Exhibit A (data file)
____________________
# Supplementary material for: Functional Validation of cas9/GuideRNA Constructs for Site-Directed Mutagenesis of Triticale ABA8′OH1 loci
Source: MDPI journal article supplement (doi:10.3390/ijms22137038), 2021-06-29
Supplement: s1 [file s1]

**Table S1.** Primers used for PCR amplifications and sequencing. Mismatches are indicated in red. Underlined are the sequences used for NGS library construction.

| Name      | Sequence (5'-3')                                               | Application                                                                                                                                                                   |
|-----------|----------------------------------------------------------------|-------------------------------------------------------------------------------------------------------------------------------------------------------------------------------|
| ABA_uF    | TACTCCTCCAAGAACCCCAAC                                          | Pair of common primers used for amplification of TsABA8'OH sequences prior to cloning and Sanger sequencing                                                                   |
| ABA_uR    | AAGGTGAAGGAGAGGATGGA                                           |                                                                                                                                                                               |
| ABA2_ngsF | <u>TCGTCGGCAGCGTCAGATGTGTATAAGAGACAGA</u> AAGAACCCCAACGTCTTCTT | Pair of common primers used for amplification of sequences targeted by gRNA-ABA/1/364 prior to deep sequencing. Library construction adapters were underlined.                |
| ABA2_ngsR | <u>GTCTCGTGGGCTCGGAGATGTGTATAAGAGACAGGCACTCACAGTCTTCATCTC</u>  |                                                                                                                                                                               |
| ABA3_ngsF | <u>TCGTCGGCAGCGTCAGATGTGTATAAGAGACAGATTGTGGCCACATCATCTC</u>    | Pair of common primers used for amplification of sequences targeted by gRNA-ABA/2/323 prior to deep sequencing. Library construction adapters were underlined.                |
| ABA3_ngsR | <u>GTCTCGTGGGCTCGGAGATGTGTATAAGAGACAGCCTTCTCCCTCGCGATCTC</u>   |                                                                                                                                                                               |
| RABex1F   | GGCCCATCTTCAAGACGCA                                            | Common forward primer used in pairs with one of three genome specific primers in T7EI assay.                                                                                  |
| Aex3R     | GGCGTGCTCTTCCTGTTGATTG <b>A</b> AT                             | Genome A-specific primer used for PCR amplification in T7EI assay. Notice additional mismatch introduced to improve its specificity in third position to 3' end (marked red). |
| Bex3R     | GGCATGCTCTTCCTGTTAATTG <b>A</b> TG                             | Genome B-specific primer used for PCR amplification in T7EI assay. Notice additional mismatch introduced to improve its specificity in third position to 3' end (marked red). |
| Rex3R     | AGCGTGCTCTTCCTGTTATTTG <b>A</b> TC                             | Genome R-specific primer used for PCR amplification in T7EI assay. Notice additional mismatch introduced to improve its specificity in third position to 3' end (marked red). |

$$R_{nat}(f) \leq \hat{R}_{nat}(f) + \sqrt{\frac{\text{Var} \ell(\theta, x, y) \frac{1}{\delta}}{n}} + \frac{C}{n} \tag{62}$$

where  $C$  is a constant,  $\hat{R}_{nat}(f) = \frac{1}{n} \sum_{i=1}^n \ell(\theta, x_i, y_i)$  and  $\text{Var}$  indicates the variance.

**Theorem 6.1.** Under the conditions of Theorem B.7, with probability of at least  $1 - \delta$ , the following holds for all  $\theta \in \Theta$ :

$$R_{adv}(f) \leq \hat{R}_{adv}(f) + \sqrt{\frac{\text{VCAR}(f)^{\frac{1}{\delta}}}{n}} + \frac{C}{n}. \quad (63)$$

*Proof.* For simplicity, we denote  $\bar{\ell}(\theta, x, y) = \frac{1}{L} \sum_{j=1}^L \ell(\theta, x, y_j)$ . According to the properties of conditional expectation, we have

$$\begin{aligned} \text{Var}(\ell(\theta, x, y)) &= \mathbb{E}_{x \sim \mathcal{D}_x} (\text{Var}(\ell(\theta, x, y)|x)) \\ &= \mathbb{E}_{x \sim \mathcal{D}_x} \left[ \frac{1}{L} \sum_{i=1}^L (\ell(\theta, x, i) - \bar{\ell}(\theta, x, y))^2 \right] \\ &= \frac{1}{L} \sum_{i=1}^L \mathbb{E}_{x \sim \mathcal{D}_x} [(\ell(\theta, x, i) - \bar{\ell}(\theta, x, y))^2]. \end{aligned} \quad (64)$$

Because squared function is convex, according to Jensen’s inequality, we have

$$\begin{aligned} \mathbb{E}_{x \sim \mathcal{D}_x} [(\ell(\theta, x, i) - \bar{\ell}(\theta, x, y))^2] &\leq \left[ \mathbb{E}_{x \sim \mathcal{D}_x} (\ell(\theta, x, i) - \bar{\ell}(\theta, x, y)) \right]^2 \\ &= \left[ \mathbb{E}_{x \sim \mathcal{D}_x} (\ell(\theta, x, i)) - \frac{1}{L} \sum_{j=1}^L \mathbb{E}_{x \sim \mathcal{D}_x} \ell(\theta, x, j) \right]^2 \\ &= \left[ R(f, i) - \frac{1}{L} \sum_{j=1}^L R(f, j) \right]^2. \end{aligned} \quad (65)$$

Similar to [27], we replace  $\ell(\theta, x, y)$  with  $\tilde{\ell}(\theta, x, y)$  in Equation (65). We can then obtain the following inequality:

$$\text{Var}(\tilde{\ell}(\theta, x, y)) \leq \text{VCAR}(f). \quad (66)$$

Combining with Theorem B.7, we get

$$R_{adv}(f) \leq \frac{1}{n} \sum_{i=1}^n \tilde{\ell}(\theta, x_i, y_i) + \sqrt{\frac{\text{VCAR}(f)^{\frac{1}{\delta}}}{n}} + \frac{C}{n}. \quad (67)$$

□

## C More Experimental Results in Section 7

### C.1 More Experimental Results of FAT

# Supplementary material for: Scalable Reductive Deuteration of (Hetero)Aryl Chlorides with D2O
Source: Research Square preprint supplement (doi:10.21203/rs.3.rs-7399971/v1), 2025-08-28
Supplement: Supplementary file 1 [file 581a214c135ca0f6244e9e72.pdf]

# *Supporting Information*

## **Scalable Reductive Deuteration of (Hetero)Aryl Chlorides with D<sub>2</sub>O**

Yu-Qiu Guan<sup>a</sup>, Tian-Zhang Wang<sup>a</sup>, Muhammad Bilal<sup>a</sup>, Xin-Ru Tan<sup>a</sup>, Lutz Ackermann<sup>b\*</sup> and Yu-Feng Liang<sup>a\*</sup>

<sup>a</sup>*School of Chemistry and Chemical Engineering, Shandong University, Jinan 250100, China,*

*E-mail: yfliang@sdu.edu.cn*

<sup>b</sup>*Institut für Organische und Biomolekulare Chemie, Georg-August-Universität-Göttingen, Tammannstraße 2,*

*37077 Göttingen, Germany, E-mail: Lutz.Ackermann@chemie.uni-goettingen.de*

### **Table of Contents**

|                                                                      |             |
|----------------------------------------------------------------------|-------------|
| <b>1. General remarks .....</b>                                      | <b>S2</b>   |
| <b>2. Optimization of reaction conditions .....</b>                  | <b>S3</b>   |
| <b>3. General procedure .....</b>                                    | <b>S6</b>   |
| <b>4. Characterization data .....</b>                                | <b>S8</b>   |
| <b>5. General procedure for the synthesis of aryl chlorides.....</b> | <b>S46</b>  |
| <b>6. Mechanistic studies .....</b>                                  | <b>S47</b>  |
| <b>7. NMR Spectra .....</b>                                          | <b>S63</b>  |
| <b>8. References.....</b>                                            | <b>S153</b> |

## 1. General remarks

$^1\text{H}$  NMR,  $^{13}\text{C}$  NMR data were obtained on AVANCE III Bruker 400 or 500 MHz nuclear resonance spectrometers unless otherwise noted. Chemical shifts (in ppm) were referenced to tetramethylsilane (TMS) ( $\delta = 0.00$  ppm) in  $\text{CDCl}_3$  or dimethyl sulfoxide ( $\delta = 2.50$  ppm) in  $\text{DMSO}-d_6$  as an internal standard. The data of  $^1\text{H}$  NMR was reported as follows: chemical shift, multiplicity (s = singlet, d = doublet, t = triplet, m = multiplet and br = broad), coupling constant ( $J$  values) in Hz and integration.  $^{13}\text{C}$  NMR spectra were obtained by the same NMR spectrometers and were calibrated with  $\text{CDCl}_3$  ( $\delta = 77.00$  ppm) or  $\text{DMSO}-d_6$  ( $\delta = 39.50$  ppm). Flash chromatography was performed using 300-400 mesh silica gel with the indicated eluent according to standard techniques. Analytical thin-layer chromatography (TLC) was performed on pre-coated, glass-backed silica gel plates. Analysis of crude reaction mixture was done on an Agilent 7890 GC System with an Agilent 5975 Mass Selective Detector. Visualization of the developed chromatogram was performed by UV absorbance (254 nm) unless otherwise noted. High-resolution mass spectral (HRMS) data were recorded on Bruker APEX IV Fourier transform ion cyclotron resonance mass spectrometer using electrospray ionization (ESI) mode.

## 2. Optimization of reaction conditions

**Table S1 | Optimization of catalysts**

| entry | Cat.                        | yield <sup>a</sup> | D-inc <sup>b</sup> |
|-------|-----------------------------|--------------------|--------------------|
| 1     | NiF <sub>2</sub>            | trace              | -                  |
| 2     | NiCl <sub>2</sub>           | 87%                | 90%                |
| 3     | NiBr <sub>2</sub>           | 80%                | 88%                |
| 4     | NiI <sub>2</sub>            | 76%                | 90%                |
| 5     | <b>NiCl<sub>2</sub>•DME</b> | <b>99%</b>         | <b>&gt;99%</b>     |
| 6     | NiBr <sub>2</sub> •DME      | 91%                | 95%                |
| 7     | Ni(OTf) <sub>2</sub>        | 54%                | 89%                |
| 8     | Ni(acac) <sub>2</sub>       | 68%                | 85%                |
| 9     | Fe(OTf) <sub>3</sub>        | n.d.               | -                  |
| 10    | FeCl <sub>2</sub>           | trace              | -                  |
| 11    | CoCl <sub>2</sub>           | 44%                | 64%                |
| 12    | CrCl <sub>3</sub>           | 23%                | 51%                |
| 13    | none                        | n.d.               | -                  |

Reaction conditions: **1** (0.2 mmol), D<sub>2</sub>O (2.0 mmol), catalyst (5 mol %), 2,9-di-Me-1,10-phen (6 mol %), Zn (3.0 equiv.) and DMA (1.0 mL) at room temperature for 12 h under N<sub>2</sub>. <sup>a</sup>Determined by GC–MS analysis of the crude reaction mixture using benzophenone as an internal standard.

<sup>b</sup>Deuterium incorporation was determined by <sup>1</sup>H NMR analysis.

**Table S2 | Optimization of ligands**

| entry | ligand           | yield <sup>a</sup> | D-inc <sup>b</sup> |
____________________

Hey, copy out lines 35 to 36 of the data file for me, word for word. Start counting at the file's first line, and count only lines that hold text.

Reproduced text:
# *Supporting Information*

## **Scalable Reductive Deuteration of (Hetero)Aryl Chlorides with D<sub>2</sub>O**